He could also speak to the helpline for perpetrators at Respect . They can advise him of courses to help him change his behaviour that are local to where you live.

Or children’s services can give him details of domestic violence intervention courses. Get him to email the social worker. The DV course may take 3 to 6 month or longer but he would be re- assessed at the end to see whether he is still risky to you and your son.
Many children’s services may not allow a partner back into the family home until this type of course had been completed.

But children services should also be providing you with support. They cannot just say that you have to separate and then leave you with no support. It is incredible difficult to seek help –sometimes it takes years for those who have suffered domestic violence to do so.
Normally, children services would expect you to undertake domestic violence support such as the freedom programme and counselling. Have you been offered an independent domestic violence advocate? To find out about support, you could contact Women’s Aid.

Children services should be considering your son’s needs. Even if he is not displaying unsettling behaviour, he may still benefit from play therapy, for example.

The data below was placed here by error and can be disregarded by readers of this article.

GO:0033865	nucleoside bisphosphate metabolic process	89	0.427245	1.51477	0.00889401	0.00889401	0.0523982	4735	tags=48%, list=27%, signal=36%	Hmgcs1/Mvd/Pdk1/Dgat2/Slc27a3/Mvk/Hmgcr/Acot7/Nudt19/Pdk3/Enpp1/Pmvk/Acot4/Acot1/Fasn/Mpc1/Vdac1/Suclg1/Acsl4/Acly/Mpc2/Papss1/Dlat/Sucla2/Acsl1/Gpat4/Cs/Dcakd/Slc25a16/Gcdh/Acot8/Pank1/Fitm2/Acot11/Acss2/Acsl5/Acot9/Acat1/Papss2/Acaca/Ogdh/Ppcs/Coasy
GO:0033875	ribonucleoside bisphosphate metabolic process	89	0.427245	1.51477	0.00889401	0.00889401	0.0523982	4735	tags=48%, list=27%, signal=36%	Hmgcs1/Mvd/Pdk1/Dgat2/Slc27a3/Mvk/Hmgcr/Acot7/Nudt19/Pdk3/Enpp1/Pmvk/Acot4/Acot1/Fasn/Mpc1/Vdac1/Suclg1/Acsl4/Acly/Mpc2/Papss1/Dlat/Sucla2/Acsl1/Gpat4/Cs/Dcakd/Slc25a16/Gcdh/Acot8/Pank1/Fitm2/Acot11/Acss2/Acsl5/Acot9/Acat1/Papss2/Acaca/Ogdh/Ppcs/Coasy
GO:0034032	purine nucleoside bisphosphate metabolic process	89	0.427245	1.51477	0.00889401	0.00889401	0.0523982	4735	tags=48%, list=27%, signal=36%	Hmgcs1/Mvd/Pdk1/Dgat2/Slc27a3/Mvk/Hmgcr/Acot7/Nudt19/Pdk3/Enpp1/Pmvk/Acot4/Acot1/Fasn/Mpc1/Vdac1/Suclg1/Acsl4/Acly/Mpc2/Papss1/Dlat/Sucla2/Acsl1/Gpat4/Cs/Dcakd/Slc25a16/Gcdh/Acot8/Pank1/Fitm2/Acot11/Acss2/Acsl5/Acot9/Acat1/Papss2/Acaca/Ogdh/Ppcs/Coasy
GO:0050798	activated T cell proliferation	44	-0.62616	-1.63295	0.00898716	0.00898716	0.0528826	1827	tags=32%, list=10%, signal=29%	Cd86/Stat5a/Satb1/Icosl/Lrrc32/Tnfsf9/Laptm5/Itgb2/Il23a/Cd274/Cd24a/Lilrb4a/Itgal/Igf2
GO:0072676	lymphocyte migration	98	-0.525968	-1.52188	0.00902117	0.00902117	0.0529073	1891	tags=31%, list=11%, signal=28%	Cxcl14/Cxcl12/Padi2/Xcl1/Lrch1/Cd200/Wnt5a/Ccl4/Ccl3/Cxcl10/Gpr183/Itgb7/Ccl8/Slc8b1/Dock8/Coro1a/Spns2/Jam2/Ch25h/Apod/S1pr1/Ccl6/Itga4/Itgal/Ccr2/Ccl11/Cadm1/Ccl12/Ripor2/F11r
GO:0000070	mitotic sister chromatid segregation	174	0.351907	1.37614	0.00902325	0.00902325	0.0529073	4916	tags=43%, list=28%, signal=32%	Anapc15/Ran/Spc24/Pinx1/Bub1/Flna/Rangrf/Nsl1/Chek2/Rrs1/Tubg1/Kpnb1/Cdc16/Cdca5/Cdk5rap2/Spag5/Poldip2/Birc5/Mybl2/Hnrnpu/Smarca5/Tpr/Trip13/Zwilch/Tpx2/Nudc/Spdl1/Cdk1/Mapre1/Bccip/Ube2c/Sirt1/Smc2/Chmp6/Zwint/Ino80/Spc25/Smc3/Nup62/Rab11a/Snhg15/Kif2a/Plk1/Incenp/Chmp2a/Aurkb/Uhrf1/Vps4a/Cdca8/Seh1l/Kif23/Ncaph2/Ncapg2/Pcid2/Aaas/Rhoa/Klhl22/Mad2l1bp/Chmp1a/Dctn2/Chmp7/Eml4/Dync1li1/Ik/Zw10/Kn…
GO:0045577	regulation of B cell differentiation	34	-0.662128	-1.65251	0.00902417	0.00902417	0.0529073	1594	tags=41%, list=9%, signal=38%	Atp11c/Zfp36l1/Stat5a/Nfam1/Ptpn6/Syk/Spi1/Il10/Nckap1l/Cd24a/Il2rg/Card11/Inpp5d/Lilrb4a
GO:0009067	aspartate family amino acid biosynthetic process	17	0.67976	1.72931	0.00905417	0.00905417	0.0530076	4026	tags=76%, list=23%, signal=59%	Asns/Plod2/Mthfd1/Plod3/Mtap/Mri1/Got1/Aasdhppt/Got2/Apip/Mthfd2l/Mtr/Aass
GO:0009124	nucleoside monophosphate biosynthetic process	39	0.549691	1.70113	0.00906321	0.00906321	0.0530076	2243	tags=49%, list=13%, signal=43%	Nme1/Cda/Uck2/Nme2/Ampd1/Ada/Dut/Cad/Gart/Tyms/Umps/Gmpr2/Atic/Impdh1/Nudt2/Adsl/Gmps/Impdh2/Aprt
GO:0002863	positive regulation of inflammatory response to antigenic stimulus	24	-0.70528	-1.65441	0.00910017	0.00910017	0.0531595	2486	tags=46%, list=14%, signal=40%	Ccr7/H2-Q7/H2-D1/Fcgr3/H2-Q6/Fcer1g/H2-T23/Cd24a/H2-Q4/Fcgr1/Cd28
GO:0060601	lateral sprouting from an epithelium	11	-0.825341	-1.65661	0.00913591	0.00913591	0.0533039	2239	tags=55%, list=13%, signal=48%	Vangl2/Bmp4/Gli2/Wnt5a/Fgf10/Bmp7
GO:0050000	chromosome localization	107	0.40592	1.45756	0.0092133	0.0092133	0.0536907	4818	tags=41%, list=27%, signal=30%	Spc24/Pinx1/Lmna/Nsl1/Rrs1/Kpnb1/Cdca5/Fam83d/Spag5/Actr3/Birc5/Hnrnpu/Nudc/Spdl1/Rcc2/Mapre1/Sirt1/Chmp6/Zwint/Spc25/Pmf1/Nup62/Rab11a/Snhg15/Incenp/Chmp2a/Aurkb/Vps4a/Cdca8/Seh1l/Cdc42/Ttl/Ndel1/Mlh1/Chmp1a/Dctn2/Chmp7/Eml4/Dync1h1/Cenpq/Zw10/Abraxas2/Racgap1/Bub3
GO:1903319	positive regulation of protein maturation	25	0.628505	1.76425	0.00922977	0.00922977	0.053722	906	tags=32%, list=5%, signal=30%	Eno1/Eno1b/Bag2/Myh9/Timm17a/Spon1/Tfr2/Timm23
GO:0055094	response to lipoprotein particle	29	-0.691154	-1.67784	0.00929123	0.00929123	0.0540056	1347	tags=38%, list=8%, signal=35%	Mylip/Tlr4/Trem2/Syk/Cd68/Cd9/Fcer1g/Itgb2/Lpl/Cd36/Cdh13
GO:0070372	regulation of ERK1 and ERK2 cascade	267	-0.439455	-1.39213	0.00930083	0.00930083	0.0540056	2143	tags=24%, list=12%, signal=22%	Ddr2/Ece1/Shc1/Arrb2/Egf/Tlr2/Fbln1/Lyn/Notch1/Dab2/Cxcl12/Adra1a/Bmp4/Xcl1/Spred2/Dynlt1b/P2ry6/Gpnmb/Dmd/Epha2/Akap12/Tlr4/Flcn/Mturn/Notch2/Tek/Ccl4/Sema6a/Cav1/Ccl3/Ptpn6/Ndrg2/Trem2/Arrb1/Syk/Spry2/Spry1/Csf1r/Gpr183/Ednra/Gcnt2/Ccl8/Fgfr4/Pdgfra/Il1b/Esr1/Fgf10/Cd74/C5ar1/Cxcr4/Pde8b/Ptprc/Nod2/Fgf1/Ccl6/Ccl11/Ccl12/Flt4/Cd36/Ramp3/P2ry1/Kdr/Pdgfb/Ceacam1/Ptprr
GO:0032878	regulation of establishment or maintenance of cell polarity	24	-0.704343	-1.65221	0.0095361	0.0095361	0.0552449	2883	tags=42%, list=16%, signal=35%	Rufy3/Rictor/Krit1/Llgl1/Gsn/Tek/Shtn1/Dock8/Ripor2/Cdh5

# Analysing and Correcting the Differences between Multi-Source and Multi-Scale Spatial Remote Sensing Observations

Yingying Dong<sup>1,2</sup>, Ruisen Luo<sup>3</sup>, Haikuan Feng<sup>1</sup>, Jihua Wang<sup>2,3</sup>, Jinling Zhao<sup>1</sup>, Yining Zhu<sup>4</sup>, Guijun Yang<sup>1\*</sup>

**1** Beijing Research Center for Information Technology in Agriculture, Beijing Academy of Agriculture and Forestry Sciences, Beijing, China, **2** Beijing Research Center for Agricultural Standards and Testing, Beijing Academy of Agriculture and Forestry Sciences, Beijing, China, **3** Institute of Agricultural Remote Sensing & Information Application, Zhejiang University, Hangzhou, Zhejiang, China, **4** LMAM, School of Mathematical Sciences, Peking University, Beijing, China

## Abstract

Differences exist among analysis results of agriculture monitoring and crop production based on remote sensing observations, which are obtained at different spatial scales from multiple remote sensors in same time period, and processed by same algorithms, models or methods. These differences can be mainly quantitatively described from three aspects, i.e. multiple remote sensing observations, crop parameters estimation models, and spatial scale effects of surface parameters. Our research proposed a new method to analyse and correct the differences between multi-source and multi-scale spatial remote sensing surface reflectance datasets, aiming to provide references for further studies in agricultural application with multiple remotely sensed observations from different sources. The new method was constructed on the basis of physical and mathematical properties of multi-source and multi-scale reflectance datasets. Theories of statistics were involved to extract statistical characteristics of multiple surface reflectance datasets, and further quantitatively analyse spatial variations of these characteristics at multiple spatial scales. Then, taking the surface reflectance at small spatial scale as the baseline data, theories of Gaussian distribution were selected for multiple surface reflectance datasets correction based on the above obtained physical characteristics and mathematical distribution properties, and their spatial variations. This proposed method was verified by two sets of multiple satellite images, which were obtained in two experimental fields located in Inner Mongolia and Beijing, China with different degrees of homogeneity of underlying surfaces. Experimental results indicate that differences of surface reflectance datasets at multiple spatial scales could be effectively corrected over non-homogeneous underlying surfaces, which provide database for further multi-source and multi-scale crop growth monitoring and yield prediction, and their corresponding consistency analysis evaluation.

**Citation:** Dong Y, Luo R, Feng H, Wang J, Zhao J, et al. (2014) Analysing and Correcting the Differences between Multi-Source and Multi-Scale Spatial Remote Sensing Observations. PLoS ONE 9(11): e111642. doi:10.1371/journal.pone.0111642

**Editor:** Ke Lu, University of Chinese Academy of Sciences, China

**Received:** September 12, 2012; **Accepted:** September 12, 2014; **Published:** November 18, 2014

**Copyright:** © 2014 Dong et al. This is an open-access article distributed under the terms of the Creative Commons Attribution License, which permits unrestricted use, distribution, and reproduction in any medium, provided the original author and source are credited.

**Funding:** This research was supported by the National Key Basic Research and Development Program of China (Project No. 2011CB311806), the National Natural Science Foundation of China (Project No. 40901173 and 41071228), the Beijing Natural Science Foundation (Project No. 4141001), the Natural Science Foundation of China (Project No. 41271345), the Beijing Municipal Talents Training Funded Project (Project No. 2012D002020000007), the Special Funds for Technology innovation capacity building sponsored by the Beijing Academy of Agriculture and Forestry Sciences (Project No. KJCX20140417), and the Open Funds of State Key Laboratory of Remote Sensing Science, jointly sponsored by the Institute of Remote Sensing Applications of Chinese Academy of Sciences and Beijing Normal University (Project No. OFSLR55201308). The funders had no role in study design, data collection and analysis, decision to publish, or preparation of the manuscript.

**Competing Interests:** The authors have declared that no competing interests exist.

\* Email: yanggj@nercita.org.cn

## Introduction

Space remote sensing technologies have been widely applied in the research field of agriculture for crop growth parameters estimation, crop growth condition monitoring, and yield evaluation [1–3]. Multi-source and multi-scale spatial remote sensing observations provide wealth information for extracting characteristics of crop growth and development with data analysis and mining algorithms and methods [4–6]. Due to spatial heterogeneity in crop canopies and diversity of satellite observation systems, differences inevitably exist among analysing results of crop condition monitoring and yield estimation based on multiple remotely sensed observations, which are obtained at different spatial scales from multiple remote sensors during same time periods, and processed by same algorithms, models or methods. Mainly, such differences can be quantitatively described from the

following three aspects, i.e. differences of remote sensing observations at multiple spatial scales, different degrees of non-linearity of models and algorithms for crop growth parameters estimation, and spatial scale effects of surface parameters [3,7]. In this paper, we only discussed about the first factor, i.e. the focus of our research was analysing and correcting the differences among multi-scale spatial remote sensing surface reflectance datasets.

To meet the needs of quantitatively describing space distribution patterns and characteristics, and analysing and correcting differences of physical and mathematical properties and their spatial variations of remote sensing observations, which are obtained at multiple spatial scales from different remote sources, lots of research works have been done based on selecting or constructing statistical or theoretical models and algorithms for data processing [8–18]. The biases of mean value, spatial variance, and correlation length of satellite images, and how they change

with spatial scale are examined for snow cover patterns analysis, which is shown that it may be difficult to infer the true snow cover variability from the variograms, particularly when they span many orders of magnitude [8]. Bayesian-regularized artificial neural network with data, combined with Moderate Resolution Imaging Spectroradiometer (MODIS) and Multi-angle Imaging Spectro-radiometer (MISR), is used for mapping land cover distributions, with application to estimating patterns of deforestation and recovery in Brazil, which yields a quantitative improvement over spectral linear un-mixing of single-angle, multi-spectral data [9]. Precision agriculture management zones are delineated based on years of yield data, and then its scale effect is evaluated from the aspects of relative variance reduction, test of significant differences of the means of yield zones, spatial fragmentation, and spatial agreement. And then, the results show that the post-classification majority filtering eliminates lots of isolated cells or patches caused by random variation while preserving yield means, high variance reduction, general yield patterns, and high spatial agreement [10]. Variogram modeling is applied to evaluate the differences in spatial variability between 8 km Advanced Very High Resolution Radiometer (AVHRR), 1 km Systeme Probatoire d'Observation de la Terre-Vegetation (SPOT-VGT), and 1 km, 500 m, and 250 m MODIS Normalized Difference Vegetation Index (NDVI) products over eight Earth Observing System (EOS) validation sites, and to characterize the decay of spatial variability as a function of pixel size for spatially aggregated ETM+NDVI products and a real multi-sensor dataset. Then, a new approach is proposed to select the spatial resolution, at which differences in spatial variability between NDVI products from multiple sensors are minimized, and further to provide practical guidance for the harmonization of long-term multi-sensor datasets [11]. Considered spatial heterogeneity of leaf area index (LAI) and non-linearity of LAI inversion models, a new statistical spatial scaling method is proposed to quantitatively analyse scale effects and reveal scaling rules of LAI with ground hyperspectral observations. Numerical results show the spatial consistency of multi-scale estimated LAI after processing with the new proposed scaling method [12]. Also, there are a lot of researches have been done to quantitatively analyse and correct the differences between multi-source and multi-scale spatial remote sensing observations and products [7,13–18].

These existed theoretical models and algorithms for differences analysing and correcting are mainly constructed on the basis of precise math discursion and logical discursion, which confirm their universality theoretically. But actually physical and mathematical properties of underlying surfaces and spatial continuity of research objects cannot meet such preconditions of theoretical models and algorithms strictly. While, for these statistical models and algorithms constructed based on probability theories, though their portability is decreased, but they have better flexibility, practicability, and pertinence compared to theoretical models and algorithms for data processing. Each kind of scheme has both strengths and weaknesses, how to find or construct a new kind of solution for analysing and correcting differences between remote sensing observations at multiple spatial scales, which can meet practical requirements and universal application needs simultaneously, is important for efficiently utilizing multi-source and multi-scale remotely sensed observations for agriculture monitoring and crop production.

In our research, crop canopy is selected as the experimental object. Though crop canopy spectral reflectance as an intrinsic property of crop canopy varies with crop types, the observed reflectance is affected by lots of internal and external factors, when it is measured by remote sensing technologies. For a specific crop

Your question is about whether you can continue in a relationship with your partner, if your son does not meet with him.
I think you should let the social worker know that if dad can get the support, you would like to re-unite with him.
Ask can you still see him in the meantime, if your son is not present? Ask them to prepare a contract of expectations ( or written agreement) so you knows what you can and can’t do. If they say no, ask them to explain their decision to you. You might then want to challenge the decision, if it seemed unfair.

Yes, you have to cooperate with children services.
So you would need to choose your son or your partner. As things stand, it is potentially too dangerous for your son.
If you were to put your son at risk of witnessing domestic violence, children services are likely to consider escalating to child protection level or higher. So be honest with children services.
However, if your partner does the dv programme and is re-assessed as safe, and you continue to cooperate with professionals, then a decision for you to re- unite safely, could be made.

Here are FAQ’s . look at the ones about domestic violence.




I hope my advice helps. If you have any questions, please post back.

Best wishes,

Suzie

Chancing
Posts: 11
Joined: Mon Sep 19, 2016 2:39 am

Re: Worried confused and still in love..social services